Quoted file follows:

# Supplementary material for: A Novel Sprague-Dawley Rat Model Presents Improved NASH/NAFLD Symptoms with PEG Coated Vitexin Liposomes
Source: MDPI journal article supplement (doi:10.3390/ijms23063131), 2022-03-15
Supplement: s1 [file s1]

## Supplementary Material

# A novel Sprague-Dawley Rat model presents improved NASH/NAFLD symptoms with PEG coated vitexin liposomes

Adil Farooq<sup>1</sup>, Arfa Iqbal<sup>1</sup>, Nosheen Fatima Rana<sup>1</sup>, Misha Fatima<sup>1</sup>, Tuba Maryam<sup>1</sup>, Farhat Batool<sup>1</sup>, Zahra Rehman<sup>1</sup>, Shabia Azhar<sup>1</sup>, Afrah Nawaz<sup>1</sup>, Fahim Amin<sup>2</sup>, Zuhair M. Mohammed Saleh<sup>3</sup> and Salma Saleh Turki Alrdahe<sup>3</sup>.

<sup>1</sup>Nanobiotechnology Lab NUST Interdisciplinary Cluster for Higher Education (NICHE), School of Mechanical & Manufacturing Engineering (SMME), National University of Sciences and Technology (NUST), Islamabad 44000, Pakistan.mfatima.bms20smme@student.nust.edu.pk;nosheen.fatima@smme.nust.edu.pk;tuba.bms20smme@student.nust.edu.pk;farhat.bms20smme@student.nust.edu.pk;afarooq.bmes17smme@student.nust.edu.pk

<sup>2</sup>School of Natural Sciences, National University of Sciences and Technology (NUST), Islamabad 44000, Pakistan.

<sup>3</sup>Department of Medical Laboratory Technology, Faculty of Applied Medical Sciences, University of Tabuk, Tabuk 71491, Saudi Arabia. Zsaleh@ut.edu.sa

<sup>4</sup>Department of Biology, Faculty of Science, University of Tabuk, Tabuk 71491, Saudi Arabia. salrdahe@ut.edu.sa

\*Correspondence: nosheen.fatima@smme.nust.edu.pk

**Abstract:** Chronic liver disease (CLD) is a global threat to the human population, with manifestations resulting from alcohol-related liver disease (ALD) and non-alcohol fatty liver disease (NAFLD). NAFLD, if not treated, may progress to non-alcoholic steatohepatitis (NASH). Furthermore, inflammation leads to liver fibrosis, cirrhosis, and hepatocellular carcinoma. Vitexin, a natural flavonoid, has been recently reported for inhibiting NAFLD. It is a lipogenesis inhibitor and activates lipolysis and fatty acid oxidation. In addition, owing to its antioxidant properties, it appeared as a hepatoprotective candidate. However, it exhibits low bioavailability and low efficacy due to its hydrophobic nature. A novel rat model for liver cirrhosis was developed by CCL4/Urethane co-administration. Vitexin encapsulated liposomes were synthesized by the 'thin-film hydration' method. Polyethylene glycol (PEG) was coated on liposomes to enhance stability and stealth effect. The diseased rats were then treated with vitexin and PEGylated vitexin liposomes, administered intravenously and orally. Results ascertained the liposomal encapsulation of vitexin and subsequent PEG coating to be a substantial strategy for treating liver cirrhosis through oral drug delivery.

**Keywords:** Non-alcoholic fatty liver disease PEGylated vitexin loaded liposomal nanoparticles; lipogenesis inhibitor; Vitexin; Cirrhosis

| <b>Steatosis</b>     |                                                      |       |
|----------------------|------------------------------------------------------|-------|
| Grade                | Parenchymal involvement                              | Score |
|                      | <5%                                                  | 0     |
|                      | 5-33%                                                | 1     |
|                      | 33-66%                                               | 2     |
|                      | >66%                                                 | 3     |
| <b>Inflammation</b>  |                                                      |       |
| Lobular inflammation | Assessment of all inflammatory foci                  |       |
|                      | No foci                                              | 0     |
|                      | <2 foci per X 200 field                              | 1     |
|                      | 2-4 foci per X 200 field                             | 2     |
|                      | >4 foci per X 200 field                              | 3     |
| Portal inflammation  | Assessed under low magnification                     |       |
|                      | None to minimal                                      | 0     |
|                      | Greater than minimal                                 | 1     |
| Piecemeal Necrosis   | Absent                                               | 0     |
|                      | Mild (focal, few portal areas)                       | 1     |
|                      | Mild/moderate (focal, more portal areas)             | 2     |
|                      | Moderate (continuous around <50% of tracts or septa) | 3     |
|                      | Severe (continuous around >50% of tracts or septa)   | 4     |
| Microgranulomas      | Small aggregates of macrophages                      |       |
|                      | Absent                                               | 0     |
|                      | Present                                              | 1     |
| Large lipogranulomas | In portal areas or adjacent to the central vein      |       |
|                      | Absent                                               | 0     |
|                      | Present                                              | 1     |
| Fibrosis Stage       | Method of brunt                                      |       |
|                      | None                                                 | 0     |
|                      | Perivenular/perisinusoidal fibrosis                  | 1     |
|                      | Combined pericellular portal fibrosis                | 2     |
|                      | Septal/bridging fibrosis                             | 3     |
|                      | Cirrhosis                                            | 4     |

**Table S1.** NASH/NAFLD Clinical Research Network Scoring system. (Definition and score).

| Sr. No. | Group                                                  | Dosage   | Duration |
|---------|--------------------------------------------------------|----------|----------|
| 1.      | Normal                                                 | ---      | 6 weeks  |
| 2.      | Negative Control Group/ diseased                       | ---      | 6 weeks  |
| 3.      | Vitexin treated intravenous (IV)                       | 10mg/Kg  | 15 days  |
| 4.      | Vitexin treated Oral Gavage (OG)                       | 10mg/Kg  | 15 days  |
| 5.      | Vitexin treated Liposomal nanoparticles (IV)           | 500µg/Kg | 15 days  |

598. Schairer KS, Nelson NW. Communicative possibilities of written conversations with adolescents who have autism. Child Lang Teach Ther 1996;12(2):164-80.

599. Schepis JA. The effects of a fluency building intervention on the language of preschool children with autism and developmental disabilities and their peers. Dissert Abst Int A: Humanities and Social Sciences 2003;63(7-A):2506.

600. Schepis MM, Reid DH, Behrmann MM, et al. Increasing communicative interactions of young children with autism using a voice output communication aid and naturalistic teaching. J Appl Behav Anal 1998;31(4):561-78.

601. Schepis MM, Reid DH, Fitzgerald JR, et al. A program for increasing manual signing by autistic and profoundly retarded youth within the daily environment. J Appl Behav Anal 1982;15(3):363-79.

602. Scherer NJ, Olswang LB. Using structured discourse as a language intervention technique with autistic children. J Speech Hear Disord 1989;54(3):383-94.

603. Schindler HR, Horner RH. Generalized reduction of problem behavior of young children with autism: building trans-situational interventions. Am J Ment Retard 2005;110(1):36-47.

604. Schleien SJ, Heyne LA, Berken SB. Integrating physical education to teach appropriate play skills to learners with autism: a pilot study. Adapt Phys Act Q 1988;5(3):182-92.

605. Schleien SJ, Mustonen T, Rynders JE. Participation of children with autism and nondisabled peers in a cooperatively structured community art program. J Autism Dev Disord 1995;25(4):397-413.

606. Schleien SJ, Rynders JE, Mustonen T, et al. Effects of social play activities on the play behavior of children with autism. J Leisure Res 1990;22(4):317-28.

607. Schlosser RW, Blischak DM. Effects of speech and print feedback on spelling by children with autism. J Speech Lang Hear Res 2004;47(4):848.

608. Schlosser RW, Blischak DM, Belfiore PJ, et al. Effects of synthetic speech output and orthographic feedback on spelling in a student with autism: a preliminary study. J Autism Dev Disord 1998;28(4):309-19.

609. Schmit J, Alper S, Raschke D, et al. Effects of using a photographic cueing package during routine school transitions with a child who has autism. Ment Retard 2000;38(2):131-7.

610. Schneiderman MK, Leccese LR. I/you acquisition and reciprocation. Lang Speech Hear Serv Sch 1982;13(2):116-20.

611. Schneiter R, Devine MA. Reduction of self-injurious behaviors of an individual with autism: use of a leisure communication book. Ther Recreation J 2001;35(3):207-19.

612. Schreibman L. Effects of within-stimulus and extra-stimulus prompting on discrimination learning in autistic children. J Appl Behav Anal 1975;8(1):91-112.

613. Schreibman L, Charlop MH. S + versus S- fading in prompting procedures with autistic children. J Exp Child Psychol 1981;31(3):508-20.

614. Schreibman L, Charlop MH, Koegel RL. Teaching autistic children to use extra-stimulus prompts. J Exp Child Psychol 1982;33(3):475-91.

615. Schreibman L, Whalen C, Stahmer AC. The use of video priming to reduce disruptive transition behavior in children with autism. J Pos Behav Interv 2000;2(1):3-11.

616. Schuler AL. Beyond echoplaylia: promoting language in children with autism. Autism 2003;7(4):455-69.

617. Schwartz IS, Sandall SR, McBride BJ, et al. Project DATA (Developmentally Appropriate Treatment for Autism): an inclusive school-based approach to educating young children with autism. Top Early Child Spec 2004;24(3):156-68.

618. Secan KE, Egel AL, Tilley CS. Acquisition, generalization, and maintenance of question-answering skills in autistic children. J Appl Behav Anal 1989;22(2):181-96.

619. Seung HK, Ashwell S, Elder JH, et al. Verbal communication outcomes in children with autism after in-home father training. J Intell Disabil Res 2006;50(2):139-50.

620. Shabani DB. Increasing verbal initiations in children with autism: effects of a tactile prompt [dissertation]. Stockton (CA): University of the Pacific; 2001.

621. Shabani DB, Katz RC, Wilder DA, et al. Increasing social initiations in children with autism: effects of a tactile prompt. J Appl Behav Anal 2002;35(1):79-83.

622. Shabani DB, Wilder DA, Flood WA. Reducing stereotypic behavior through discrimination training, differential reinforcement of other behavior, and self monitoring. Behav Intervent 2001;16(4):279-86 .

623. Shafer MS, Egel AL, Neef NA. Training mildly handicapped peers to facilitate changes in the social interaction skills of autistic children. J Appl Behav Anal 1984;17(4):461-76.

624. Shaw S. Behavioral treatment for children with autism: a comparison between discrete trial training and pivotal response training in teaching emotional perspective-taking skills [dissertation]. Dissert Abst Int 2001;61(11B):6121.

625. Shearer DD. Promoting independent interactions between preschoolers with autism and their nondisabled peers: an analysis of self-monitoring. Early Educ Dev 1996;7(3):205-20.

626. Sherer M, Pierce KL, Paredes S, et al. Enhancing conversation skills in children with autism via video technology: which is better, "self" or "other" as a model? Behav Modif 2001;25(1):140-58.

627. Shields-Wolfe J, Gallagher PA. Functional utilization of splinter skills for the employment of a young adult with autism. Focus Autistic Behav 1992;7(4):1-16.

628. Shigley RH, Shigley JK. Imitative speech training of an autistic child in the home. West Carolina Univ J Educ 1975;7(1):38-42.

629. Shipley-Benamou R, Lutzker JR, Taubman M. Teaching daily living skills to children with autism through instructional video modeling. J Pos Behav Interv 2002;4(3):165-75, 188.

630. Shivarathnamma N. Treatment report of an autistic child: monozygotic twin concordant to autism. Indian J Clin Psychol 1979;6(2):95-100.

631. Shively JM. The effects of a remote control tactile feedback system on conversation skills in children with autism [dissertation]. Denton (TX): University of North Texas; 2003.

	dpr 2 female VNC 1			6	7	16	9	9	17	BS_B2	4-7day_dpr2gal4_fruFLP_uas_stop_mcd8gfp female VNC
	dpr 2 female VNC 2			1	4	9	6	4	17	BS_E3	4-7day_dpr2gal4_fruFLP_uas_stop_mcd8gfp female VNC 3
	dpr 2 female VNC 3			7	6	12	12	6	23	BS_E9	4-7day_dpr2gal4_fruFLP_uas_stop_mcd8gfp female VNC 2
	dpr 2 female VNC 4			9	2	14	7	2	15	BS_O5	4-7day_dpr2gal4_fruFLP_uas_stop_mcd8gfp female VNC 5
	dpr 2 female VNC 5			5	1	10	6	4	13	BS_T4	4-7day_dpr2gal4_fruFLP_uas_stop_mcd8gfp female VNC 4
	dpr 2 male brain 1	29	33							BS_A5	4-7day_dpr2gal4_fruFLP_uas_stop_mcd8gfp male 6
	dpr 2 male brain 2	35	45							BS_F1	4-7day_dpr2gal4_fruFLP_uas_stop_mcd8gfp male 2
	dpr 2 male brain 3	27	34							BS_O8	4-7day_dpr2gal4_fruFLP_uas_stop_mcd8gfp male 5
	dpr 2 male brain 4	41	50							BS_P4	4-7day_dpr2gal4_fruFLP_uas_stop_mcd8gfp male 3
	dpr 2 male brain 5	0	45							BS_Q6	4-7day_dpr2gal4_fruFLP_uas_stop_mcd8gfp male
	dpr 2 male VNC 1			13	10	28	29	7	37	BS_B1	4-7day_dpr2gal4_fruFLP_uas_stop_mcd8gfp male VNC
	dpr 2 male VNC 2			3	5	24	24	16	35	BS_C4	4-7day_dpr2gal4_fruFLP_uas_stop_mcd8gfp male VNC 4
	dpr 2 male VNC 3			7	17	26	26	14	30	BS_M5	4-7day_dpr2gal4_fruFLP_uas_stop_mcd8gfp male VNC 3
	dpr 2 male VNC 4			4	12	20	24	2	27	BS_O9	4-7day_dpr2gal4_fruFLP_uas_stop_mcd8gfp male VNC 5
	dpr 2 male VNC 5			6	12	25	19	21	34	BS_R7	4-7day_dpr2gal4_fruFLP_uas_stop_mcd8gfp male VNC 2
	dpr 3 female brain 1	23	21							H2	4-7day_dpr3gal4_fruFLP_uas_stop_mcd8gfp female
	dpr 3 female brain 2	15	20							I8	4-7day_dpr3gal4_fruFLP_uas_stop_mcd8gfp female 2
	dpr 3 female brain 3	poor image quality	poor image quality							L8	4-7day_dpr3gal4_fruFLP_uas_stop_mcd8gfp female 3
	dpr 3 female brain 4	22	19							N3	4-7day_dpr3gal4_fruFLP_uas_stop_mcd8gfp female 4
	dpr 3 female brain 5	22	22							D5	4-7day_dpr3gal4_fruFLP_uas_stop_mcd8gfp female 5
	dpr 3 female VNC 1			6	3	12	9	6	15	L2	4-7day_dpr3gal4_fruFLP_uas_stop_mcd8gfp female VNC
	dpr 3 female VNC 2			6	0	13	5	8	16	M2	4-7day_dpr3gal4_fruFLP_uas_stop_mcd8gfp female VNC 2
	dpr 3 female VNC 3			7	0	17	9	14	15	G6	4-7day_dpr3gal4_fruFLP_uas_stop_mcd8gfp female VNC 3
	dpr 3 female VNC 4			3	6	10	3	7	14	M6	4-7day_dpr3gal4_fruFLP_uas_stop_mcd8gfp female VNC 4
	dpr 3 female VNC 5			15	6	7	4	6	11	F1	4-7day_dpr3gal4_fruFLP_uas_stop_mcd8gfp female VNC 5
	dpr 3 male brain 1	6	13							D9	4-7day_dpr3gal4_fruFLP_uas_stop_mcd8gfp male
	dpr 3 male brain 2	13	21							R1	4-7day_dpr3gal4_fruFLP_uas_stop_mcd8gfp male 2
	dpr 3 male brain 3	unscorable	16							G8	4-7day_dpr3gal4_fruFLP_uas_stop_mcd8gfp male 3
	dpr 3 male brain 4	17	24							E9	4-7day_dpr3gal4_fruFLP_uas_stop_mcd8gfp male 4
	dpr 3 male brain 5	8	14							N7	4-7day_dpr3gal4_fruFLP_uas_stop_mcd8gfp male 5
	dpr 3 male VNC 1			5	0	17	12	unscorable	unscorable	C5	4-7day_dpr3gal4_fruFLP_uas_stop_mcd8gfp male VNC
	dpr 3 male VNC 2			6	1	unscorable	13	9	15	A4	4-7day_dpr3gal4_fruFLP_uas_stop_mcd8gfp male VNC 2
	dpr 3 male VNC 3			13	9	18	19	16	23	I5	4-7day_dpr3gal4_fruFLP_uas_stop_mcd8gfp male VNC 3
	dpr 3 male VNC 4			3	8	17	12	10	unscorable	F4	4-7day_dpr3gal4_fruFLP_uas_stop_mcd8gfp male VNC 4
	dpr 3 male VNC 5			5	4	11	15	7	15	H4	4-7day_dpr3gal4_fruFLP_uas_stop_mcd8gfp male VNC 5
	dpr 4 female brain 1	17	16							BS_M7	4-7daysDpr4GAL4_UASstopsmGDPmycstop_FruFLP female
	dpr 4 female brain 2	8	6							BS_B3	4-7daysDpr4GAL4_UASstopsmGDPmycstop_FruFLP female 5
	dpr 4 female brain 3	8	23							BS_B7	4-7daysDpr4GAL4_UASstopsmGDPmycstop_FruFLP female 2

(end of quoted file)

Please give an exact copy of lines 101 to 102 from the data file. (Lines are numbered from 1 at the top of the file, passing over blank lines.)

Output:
	dpr 2 male VNC 3			7	17	26	26	14	30	BS_M5	4-7day_dpr2gal4_fruFLP_uas_stop_mcd8gfp male VNC 3
	dpr 2 male VNC 4			4	12	20	24	2	27	BS_O9	4-7day_dpr2gal4_fruFLP_uas_stop_mcd8gfp male VNC 5